Indian Christians welcome top court’s move on persecution
States ordered to verify allegations of persecution after federal government described cases as fake
Christian leaders have lauded India’s top court for directing the states to verify allegations of persecution against the community people after the federal government refuted their complaints as baseless.
“We are satisfied with the Supreme Court order,” Archbishop Peter Machado of the Archdiocese of Bangalore (now Bengaluru) told UCA News on Sept. 5.
Archbishop Machado, based in Bengaluru, capital of southern Karnataka state, is one of the petitioners in the public interest litigation (PIL) that sought direction to end the persecution against Christians in the country.
A division bench comprising Justice D.Y. Chandrachud and Justice Hima Kohli in an interim order directed chief secretaries of eight states to verify allegations of persecution of Christians listed in the PIL.
The verification, the court said, would help it know the reality after the federal government described the incidents listed in the PIL as fake cases and urged the court to dismiss the petition.
The top court in its Sept. 1 order also directed the states to provide information such as preliminary police reports, status of investigation, arrests made and charges filed.
The top court also directed the petitioners to provide a detailed breakdown of the incidents of violence indicated in the PIL to the office of Solicitor General Tushar Mehta within four weeks.
The court also ordered to complete the verification process within two months in view of the gravity of the allegations and file an affidavit before it.
The federal ministry of Home Affairs has been authorized to collect the verification reports from eight states.
“We have filed detailed reports of persecution against Christians from 22 states in our PIL. The Supreme Court, however, has sought details from eight states such as Bihar, Haryana, Chhattisgarh, Jharkhand, Odisha, Karnataka, Madhya Pradesh and Uttar Pradesh regarding more than 20 cases of violence against Christians that were reported,” said A. C. Michael, another petitioner.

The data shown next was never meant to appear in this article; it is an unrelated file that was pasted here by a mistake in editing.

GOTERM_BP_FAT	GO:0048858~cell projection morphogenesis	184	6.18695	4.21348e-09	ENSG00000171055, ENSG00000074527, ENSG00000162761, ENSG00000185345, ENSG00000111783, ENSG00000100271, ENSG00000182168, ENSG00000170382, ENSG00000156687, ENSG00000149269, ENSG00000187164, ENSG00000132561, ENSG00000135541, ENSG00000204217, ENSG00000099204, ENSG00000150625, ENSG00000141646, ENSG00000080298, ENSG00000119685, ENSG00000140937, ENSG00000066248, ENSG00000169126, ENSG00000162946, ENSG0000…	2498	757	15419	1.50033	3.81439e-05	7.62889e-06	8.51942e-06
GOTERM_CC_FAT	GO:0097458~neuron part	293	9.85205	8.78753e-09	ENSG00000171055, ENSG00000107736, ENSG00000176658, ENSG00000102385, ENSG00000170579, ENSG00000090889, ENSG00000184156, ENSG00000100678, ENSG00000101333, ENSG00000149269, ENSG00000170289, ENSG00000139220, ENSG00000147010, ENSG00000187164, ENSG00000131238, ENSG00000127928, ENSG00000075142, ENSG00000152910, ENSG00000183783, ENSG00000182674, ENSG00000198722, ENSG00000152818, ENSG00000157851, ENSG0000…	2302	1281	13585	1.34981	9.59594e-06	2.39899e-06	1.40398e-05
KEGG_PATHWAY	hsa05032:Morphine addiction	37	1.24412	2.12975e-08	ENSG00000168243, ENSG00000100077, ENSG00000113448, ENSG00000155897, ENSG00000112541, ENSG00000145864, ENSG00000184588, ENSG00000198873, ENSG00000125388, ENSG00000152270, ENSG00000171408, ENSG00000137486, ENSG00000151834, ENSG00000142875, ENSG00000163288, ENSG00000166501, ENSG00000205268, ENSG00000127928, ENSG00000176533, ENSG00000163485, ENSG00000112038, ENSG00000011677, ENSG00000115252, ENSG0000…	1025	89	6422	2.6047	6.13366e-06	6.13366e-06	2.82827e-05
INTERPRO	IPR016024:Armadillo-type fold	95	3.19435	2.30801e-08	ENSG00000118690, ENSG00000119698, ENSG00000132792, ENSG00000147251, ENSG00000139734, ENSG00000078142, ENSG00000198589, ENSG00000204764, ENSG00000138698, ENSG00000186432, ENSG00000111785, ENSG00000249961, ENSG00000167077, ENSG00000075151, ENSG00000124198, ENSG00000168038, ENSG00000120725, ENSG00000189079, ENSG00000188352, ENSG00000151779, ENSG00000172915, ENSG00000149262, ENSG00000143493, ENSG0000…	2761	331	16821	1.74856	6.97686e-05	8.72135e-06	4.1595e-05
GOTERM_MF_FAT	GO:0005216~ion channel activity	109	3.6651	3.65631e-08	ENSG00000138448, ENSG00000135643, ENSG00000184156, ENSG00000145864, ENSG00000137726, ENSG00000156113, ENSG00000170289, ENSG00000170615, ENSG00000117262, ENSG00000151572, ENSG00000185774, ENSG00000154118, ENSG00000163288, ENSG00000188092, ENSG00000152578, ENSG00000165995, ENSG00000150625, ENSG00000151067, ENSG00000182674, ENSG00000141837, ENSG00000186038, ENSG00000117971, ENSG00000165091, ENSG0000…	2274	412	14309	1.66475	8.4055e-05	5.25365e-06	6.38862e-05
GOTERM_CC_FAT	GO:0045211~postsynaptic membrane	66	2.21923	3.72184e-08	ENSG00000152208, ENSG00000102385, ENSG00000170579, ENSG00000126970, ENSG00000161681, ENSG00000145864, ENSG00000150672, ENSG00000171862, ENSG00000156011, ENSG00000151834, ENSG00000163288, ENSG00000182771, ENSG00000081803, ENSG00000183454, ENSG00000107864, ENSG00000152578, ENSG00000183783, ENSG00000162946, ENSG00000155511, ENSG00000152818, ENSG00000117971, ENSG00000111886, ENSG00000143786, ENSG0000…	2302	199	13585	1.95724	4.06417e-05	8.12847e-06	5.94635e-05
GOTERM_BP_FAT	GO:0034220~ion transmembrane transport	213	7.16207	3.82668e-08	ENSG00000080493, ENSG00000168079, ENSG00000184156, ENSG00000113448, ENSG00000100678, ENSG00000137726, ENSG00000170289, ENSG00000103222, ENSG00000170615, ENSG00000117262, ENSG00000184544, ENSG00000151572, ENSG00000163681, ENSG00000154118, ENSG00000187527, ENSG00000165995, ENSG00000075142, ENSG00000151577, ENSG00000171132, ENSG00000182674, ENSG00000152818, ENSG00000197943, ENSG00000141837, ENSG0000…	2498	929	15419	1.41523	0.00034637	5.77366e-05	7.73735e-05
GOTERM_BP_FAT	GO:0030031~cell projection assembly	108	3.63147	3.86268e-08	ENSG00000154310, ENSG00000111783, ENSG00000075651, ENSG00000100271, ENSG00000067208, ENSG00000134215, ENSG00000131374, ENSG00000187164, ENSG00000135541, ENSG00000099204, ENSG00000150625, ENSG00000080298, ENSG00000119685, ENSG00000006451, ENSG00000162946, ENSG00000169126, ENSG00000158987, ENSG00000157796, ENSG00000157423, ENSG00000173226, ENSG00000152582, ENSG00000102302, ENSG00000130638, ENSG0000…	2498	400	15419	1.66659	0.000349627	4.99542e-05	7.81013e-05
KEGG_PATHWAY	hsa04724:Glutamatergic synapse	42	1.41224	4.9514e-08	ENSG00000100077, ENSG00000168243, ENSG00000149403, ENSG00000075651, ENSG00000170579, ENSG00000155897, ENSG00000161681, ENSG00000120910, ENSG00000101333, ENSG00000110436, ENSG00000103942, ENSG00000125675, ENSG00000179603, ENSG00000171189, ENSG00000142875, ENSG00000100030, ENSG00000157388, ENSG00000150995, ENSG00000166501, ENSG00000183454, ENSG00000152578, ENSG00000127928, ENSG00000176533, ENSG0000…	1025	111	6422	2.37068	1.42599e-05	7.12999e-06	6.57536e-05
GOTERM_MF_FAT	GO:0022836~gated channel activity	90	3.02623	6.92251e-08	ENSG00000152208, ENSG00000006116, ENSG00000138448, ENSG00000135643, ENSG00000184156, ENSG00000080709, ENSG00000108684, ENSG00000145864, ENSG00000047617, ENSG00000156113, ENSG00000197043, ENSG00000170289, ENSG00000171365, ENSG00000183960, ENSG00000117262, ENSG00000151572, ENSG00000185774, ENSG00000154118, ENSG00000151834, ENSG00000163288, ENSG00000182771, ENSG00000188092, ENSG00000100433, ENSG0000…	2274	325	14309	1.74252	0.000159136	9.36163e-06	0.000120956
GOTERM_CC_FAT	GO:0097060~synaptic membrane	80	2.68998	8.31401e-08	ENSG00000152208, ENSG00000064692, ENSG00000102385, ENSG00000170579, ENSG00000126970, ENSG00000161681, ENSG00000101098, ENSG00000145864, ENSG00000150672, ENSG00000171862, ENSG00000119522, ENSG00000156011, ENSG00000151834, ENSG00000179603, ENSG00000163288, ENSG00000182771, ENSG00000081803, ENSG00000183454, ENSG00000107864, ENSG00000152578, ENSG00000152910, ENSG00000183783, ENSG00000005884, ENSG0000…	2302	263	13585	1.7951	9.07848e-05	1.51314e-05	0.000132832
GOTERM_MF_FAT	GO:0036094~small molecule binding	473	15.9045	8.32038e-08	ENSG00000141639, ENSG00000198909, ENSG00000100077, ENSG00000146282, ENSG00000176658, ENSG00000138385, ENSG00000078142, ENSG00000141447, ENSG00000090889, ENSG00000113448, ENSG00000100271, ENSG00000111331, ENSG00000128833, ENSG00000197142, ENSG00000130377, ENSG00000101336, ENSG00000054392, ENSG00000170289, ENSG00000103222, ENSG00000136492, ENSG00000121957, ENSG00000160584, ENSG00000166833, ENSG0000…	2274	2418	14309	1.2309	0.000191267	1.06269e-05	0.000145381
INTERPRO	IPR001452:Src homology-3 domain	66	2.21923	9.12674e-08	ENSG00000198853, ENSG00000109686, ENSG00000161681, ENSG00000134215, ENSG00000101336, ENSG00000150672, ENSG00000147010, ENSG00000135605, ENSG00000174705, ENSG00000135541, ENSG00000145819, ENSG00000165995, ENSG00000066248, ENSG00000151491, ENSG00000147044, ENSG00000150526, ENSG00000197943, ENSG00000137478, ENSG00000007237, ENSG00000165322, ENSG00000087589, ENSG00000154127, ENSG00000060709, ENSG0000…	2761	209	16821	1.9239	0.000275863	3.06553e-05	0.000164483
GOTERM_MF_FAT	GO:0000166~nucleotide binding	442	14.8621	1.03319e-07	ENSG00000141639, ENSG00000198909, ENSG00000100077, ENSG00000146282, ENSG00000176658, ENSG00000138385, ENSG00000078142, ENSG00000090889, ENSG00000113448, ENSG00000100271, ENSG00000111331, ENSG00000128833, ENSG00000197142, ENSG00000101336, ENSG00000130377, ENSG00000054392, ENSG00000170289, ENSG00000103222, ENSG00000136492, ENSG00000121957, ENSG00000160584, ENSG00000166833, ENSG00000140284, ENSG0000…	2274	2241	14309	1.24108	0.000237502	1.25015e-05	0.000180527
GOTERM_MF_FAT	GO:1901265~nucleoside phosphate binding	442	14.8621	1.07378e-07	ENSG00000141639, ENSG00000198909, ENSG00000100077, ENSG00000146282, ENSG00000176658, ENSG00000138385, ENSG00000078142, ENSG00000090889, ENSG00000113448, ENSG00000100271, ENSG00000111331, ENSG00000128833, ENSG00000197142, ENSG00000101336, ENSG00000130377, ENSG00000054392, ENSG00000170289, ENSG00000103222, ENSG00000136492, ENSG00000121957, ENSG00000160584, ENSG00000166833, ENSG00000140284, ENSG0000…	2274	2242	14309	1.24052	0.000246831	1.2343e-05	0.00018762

“It is a very satisfactory order and it will help bring out the truth. We have submitted complete documents related to each case to the top court,” Michael told UCA News on Sept. 5.
While passing this order the court had made it clear that it had not expressed any opinion on the veracity of the allegations raised in the plea.
Archbishop Machado, the National Solidarity Forum and the Evangelical Fellowship of India in their petition said on average 45 to 50 violent attacks take place against Christian institutions and priests every month throughout India. The petitioners sought direction from the top court to end such violence and seek protection for community members.
The federal government in its affidavit submitted to the Supreme Court on Aug. 16 denied the allegations of Christian persecution and denied any kind of targeted attacks.
“In some cases, incidents of a purely criminal nature and arising out of personal issues have been categorized as violence targeting Christians,” it added.
The government said the PIL seemed to be based on misleading and self-serving data compiled by certain organizations.
The petitioners in their rejoinder refuted the government’s claim and reiterated that their reports were authentic as they collected them after proper verification from the victims and the local police involved as well.
Now, with the top court ordering verification of the details of the cases listed in the PIL Christians believe the reality will come out.
They claim that more than 500 incidents of attacks were recorded in 2021 which they described as the worst year for Christians.
Christians make up 2.3 percent of the 1.3 billion population with Hindus accounting for more than 80 percent of the population of India.
This article first published in https://www.ucanews.com/